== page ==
It wouldn't be unreasonable to assume that civil rights activist Martin Luther King Jr. and "Pretty Woman" actress Julia Roberts never crossed paths. After all, Roberts rose to fame in the '90s, while MLK Jr. was assassinated just one year after the actress was born on October 28, 1967. Roberts is viewed as a modern Hollywood star, while MLK Jr. is regarded as a historical figure.
It's true that Roberts has no conscious memories of the preacher and activist. But, as she explained in an interview with Gayle King at a HISTORYTalks event in Washington, D.C. (via Oprah Daily), her parents, Walter and Betty Lou, were close family friends with the Kings.
The Roberts and Kings' friendship was built on a mutual desire to break down racial barriers, making history in their hometown of Atlanta, Georgia, and ultimately helping the future film legend from the day that she was born.
Julia Roberts revealed to Gayle King that when her family was unable to pay the hospital bill when she was born, Martin Luther King Jr. and his wife, Coretta Scott King, stepped in to cover the fees. While the act was undoubtedly gracious, it was also a way for the Kings to return a kindness the Roberts family had extended to them.
As Roberts explained in her interview, her parents, Walter and Betty Lou, were the heads of the Actors and Writers Workshop in Atlanta. "One day, Coretta Scott King called my mother and asked if her kids could be part of the school cause they were having a hard time finding a place that would accept her kids, and my mom was like, sure, come on over,'" she said.
Roberts recalls the moment lightly, but at the time, it was anything but. Society was still very much segregated in 1960s Atlanta, and the desegregation of the Actors and Writers Workshop was not received well in the area. Nevertheless, the Roberts family refused to treat the Kings any differently, even casting their eldest daughter, Yolanda, as the love interest of Phillip DePoy, a white workshop attendee.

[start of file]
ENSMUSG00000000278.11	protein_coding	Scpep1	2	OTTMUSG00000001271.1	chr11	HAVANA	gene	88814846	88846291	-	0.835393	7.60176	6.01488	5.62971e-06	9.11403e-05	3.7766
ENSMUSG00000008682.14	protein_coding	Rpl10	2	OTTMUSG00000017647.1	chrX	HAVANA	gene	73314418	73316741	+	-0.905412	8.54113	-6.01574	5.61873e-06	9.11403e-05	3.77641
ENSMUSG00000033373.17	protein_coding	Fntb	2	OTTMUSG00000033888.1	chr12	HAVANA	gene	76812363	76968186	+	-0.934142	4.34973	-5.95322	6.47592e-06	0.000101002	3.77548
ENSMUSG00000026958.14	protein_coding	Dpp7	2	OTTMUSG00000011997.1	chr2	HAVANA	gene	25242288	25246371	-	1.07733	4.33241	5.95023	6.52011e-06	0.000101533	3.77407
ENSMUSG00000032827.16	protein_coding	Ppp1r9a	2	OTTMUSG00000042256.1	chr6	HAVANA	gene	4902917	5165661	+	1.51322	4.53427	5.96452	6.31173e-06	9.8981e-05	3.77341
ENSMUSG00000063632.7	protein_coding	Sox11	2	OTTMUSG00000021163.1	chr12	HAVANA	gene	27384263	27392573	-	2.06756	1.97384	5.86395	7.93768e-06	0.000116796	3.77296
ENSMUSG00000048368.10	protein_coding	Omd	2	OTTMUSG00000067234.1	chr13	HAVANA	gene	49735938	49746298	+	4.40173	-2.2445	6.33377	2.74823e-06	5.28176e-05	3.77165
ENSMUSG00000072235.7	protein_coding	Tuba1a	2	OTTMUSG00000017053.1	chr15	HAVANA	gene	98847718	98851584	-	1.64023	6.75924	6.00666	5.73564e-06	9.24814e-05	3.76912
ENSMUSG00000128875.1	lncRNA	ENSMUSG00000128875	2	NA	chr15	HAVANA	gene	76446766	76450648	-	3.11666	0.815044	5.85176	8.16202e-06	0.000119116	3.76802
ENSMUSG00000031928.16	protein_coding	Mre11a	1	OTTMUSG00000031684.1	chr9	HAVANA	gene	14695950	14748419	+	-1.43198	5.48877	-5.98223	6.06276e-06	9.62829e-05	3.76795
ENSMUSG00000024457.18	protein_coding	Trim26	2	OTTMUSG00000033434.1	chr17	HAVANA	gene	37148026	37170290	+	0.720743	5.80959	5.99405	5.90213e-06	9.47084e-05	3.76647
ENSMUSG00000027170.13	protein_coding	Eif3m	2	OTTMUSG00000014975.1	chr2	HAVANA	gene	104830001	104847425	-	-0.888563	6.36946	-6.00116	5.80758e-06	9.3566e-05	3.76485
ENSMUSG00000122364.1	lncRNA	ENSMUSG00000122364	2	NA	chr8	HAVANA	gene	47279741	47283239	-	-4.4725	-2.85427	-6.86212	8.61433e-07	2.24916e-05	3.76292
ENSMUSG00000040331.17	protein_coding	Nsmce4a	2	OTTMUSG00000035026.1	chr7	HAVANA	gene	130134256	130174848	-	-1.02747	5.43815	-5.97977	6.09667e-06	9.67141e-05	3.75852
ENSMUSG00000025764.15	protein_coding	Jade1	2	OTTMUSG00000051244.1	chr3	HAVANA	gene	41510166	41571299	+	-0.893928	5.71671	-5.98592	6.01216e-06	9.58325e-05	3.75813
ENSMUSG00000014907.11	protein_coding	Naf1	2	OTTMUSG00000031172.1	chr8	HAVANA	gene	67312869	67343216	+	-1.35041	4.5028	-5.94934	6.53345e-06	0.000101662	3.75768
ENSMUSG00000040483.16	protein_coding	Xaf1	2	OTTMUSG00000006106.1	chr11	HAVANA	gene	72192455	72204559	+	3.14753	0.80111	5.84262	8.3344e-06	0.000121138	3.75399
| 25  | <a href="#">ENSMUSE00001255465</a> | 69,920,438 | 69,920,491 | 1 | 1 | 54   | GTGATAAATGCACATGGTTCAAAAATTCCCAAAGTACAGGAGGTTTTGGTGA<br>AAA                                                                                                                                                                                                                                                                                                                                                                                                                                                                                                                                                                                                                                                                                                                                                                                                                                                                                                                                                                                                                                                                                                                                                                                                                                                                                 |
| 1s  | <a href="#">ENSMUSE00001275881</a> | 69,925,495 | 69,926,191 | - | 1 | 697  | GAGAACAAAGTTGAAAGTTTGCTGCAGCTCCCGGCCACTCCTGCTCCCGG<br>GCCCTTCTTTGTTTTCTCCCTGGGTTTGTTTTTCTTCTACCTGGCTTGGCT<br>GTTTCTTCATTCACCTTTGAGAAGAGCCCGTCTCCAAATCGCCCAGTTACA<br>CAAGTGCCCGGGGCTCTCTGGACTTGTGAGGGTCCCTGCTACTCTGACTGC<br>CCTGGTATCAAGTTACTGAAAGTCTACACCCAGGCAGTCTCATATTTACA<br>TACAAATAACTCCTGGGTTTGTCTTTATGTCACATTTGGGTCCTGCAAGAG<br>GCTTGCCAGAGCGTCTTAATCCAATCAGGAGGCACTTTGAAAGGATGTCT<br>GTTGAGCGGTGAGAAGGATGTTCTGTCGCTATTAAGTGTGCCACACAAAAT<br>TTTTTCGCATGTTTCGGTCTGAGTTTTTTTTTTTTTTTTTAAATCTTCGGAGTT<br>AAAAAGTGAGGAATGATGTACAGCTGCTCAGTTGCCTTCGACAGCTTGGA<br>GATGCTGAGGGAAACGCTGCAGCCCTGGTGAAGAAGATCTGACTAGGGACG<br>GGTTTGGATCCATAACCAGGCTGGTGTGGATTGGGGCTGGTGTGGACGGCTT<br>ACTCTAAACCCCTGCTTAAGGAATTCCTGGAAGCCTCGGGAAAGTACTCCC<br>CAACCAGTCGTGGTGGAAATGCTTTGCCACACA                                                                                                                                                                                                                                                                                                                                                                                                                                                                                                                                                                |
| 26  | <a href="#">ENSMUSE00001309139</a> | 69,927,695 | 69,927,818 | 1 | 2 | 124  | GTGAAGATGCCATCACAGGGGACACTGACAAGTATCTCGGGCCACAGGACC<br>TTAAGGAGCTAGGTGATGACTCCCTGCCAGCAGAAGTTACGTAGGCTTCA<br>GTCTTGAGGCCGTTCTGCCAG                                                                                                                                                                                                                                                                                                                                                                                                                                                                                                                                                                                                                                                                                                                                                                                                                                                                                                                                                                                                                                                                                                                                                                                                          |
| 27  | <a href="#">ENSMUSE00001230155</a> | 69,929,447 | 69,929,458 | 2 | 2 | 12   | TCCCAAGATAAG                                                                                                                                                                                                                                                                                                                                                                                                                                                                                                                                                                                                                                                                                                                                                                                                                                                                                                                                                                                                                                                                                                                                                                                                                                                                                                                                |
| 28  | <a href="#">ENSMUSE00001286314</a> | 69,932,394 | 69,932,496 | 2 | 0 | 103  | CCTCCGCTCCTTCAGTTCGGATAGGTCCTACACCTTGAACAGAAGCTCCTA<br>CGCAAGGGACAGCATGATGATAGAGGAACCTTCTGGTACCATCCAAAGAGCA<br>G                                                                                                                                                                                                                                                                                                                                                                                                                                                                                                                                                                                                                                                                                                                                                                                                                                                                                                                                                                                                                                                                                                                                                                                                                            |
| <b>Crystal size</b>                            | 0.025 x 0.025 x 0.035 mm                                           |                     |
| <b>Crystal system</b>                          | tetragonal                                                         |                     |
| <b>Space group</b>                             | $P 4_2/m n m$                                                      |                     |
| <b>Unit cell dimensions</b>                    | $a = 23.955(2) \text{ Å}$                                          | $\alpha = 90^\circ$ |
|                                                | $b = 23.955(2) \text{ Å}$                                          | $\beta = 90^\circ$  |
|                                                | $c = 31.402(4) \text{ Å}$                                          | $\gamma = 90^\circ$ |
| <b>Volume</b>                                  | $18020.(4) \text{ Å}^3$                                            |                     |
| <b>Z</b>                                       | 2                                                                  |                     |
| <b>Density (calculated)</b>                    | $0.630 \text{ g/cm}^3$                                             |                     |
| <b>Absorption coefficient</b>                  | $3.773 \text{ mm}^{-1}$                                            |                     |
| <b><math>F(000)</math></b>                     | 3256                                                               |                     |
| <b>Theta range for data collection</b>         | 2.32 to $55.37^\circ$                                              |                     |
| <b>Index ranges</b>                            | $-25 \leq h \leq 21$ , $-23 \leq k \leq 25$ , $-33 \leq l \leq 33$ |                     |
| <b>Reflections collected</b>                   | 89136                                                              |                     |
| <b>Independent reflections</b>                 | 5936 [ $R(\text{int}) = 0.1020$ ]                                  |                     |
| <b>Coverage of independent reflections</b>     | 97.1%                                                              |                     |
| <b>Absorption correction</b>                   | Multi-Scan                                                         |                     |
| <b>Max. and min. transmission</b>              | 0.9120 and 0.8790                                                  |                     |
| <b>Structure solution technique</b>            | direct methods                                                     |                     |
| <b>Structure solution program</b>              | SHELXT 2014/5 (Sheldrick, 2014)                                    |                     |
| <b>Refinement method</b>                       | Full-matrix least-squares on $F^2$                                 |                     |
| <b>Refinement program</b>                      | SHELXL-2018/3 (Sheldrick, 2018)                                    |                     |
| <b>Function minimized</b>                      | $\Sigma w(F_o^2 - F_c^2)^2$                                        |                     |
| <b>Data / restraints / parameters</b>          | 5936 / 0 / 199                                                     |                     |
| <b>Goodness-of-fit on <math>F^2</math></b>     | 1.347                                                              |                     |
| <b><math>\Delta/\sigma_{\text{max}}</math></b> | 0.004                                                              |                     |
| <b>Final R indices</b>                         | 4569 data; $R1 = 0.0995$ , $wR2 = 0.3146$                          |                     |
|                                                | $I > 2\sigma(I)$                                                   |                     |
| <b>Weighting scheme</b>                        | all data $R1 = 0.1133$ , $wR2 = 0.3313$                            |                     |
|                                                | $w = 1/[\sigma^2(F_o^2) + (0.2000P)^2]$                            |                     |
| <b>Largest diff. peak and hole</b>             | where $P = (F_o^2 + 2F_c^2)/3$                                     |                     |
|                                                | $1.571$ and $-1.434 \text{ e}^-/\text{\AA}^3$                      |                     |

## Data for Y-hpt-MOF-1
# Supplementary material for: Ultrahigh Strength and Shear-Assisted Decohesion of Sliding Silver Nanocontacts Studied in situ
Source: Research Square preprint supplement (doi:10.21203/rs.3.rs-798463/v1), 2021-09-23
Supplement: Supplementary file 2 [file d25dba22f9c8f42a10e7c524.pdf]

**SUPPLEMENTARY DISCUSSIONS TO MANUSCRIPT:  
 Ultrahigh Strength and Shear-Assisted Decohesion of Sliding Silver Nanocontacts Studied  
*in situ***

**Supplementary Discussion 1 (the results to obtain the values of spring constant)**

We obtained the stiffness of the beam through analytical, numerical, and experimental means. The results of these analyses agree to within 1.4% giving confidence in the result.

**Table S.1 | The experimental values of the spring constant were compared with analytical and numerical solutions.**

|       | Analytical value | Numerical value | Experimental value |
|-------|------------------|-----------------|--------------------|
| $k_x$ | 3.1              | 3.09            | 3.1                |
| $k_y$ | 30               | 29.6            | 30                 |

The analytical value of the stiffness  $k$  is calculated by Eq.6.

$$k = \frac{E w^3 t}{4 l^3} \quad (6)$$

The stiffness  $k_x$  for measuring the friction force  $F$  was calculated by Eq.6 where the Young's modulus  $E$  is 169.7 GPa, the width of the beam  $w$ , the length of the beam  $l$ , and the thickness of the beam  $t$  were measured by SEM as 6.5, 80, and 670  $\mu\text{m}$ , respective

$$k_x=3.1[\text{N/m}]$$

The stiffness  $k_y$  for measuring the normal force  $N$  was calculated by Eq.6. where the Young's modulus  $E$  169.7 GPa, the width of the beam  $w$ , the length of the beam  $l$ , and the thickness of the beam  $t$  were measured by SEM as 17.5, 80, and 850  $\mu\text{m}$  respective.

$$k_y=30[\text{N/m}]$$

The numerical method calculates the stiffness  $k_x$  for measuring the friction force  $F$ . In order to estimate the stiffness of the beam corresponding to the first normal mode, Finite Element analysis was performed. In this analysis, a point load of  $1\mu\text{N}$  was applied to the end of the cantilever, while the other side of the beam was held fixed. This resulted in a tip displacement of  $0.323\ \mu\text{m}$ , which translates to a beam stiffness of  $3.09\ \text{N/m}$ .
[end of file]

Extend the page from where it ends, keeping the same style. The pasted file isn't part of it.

In an essay published on Arts ATL, Phillip DePoy recounted his experience working with Yolanda King and the terrorist acts that ensued because of it. DePoy wrote that after word got out about his and Yolanda's onstage on-stage romance, including a brief kiss, a drunken member of the Ku Klux Klan blew up a car ten yards away from the actors during an outdoor performance. Everyone walked away unscathed, at least physically.
DePoy recalled Julia Roberts' father, Walter, coming to the side of the stage and addressing the crowd, though he couldn't hear what the message was. Seemingly unfazed by the racist act, he turned to DePoy and King and prompted the young actors to continue their scene. "The show was over by the time the fire truck arrived," DePoy wrote.
This was during the summer of 1965, a couple of years before the Roberts family would find themselves unable to pay their medical fees for their daughter Julia's birth at Crawford Long Hospital. While Julia Roberts tries to live like a normal person these days, her family's connection to the Kings marked a historic start to the life of this iconic actress.